These types of conversations help build relationships with colleagues — which can improve workplace morale, build relationships that help serve the team and just make a 9-to-5 a lot easier to get through. Sure, they aren’t conversations about the meaning of life, but they help to connect you with the people you’re surrounded by all day and is far better than a rehashed chat about the most recent episode of the “Bachelor” or weekend plans.

Finding a way to ask bigger questions and talk about big ideas is quite a bit easier with somebody you know a little better, like a new-ish friend or somebody you’ve been dating for a while.

Conversations about what makes you frustrated about your job or why you’re passionate about animal welfare are more comfortable, and just jumping into these conversations is easier.

At work “Do you know what I was thinking about earlier?” can seem sort of random, but with friends or people in a more casual setting, it can be an opening to big talk.

Another way to initiate good big talk is to make “we” statements. That way they can contribute to what you’re already thinking about. Shoot for something like, “It seems like we both like yoga classes; how did you start your practice?” or “We’re both on this journey because…” That puts the conversation on equal footing between you and the other person.

Listening is important

Perhaps the most important part about reaching a new level of discussion is to really pay attention to what the other person is saying. Obviously. But sometimes that’s more difficult than you think it’d be.

The point of big talk is that everybody in the conversation is engaged. You want to ask questions that push along the conversation. That undoubtedly requires listening.

If they mention a detail that catches your attention, ask more about it. Why did they decide to take that internship after college? What was the biggest lesson they learned?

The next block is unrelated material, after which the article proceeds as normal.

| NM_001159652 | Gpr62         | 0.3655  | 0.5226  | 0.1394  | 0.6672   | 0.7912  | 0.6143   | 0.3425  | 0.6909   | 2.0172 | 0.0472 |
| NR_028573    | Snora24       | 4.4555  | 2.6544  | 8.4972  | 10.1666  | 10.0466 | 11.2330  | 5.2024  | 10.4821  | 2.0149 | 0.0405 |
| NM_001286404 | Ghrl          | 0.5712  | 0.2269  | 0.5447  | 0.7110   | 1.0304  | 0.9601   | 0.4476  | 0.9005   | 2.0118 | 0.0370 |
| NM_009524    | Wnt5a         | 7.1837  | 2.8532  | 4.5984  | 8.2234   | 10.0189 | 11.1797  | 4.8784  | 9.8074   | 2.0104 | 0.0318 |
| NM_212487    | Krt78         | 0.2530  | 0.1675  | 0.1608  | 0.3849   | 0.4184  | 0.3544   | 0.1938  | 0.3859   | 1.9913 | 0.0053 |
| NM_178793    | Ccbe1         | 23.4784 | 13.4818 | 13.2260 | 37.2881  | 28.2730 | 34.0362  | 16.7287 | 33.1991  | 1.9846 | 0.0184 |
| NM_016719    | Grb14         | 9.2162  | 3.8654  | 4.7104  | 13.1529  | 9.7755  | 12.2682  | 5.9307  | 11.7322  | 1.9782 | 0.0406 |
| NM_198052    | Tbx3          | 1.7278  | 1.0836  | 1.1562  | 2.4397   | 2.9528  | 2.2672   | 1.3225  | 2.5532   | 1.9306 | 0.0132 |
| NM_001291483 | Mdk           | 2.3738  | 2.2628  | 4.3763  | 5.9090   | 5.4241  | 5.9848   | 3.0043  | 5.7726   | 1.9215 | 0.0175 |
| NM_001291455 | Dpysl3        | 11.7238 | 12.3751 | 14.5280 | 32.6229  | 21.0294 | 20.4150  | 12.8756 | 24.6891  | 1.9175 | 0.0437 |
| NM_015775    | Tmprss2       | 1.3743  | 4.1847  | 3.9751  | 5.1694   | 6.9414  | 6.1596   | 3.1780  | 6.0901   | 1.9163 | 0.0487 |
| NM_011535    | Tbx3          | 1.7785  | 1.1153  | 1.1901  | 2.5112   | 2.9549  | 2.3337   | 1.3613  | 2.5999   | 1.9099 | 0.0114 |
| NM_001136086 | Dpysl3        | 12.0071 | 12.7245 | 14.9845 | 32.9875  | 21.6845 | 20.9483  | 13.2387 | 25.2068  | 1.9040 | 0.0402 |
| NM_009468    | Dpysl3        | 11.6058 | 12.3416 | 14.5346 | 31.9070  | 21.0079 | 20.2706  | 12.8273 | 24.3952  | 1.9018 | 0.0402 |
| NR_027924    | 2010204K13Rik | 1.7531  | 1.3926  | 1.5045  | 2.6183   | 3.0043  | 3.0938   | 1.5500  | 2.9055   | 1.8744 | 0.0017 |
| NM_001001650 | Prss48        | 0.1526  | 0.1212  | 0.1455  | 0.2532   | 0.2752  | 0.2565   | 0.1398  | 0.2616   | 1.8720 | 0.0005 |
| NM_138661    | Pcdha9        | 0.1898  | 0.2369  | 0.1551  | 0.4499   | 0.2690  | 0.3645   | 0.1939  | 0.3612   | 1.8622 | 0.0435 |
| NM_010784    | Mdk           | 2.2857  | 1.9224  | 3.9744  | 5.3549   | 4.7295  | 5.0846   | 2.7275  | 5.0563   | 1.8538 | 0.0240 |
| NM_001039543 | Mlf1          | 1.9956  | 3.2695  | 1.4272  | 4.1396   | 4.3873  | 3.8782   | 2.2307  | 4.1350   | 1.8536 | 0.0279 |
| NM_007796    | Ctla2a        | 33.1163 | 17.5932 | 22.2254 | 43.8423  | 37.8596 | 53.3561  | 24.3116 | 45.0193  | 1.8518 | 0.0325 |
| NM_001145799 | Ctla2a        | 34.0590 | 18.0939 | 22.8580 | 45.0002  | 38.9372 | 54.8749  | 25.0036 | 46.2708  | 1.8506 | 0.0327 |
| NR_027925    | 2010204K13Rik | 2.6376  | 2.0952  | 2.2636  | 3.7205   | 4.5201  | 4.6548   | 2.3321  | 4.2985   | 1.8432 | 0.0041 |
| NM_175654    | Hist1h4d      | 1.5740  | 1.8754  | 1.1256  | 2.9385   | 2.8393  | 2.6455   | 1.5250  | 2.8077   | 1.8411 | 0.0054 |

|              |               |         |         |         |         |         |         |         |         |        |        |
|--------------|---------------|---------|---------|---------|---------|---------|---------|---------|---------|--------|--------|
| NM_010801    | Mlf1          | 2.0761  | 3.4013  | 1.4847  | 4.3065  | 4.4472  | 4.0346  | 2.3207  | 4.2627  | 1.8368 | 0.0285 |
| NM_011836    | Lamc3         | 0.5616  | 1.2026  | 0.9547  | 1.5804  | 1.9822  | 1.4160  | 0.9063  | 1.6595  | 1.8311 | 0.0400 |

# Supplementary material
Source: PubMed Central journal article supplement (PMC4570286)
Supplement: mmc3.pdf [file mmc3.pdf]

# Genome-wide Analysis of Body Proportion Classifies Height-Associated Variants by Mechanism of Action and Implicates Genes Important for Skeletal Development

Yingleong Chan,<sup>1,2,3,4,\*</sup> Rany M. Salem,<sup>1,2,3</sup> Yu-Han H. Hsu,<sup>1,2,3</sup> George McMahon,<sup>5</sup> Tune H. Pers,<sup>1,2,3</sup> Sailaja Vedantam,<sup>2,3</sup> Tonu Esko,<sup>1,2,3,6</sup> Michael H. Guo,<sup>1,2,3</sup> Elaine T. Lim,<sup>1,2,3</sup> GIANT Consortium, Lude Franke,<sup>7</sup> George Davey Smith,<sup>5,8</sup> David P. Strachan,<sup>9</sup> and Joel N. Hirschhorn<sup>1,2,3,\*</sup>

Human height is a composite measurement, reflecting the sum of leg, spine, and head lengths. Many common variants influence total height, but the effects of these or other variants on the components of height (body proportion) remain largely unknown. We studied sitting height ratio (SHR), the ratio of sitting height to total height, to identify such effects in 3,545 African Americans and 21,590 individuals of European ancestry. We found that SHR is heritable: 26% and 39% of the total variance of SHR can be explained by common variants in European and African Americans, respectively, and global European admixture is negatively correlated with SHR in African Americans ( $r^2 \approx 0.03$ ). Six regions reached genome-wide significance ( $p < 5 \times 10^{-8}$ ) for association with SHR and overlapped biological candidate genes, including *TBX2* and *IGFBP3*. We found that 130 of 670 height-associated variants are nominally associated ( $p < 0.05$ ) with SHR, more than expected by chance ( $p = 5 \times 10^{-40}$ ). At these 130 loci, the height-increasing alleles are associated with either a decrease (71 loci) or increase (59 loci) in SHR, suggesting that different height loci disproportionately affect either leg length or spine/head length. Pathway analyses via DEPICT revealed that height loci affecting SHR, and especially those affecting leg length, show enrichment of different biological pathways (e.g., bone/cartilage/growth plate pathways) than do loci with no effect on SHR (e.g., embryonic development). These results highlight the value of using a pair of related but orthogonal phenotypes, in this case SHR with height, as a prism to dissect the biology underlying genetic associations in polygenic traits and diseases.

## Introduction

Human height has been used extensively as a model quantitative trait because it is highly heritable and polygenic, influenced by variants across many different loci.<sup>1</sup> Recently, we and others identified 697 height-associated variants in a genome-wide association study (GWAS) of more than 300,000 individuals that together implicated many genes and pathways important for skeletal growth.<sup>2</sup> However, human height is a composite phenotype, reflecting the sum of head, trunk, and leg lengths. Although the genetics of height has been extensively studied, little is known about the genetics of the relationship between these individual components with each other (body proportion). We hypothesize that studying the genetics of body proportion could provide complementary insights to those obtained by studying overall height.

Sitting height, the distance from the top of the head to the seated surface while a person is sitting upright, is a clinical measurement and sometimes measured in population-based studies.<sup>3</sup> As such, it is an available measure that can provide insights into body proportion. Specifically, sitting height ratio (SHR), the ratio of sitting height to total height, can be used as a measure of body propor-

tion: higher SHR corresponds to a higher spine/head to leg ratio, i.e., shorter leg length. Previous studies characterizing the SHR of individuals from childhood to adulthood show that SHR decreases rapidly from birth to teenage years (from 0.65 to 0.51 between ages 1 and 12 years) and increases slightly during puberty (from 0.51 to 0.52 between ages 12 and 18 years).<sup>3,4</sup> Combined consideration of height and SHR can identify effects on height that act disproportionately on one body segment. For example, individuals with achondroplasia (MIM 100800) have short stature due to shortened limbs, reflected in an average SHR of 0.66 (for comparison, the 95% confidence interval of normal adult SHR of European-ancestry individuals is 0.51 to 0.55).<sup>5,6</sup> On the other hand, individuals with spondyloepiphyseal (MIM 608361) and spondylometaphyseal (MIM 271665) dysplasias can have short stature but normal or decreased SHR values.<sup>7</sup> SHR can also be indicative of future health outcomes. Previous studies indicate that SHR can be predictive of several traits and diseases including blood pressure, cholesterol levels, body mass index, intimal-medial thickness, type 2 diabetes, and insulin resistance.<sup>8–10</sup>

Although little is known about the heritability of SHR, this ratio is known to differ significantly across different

When a conversation is going great and you have a lot to add to it, it can be hard to be patient and not insert your own stories, but it pays off. People who feel like they’re being heard tend to engage more and will add more to their stories. Becoming a better listener is a skill all in itself, but try keeping eye contact with the person, repeating back some of what they say or asking more questions that you don’t understand about their story.

It goes without saying that you should keep an open mind during big talk conversations. There isn’t any point if it’s going to end up being a point and counterpoint discussion. At that point, it might be better to just stick to talking about a funny meme you saw on Instagram.

When small talk is still okay

And yes, there is still a time and place for small talk. Filling the quiet with the person sitting next to you at a conference or wedding dinner is perfectly fine and mostly expected. A friendly comment about the panel or newlyweds has its advantages: quick, friendly and to the point.

Engaging in big talk doesn’t mean you have to give up small talk completely. It just means focusing on recognizing when you have an opportunity to delve deeper and making the most of it, for the sake of better relationships and your own happiness.